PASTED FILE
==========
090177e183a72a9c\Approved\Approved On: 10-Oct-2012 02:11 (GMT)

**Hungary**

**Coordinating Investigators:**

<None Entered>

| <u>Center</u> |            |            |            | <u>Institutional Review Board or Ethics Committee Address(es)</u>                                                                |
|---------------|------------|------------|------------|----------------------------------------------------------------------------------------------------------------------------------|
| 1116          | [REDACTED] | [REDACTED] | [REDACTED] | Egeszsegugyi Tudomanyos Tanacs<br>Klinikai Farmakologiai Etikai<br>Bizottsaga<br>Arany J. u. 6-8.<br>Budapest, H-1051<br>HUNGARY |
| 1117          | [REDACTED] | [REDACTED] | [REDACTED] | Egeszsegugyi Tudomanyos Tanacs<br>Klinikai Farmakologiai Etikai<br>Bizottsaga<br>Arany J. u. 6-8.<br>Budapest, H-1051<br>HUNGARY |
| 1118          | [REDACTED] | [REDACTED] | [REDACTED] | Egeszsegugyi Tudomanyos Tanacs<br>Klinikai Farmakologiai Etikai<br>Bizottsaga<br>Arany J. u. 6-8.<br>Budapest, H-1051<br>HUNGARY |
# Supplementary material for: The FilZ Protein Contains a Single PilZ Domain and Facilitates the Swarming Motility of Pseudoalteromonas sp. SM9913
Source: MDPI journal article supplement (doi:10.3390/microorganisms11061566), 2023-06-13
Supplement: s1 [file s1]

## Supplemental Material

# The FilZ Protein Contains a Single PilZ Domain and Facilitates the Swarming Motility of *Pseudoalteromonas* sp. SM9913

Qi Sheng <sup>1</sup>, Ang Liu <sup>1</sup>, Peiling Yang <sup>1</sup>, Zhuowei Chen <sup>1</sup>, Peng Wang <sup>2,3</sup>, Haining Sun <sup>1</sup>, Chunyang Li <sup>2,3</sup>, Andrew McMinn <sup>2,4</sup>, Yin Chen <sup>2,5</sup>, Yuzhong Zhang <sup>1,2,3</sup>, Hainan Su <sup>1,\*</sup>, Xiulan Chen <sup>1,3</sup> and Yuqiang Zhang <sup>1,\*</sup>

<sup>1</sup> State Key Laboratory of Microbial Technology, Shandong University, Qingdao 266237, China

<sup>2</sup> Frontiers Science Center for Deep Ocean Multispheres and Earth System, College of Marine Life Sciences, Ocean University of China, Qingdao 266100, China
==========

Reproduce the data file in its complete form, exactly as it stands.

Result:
090177e183a72a9c\Approved\Approved On: 10-Oct-2012 02:11 (GMT)

**Hungary**

**Coordinating Investigators:**

<None Entered>

| <u>Center</u> |            |            |            | <u>Institutional Review Board or Ethics Committee Address(es)</u>                                                                |
|---------------|------------|------------|------------|----------------------------------------------------------------------------------------------------------------------------------|
| 1116          | [REDACTED] | [REDACTED] | [REDACTED] | Egeszsegugyi Tudomanyos Tanacs<br>Klinikai Farmakologiai Etikai<br>Bizottsaga<br>Arany J. u. 6-8.<br>Budapest, H-1051<br>HUNGARY |
| 1117          | [REDACTED] | [REDACTED] | [REDACTED] | Egeszsegugyi Tudomanyos Tanacs<br>Klinikai Farmakologiai Etikai<br>Bizottsaga<br>Arany J. u. 6-8.<br>Budapest, H-1051<br>HUNGARY |
| 1118          | [REDACTED] | [REDACTED] | [REDACTED] | Egeszsegugyi Tudomanyos Tanacs<br>Klinikai Farmakologiai Etikai<br>Bizottsaga<br>Arany J. u. 6-8.<br>Budapest, H-1051<br>HUNGARY |
# Supplementary material for: The FilZ Protein Contains a Single PilZ Domain and Facilitates the Swarming Motility of Pseudoalteromonas sp. SM9913
Source: MDPI journal article supplement (doi:10.3390/microorganisms11061566), 2023-06-13
Supplement: s1 [file s1]

## Supplemental Material

# The FilZ Protein Contains a Single PilZ Domain and Facilitates the Swarming Motility of *Pseudoalteromonas* sp. SM9913

Qi Sheng <sup>1</sup>, Ang Liu <sup>1</sup>, Peiling Yang <sup>1</sup>, Zhuowei Chen <sup>1</sup>, Peng Wang <sup>2,3</sup>, Haining Sun <sup>1</sup>, Chunyang Li <sup>2,3</sup>, Andrew McMinn <sup>2,4</sup>, Yin Chen <sup>2,5</sup>, Yuzhong Zhang <sup>1,2,3</sup>, Hainan Su <sup>1,\*</sup>, Xiulan Chen <sup>1,3</sup> and Yuqiang Zhang <sup>1,\*</sup>

<sup>1</sup> State Key Laboratory of Microbial Technology, Shandong University, Qingdao 266237, China

<sup>2</sup> Frontiers Science Center for Deep Ocean Multispheres and Earth System, College of Marine Life Sciences, Ocean University of China, Qingdao 266100, China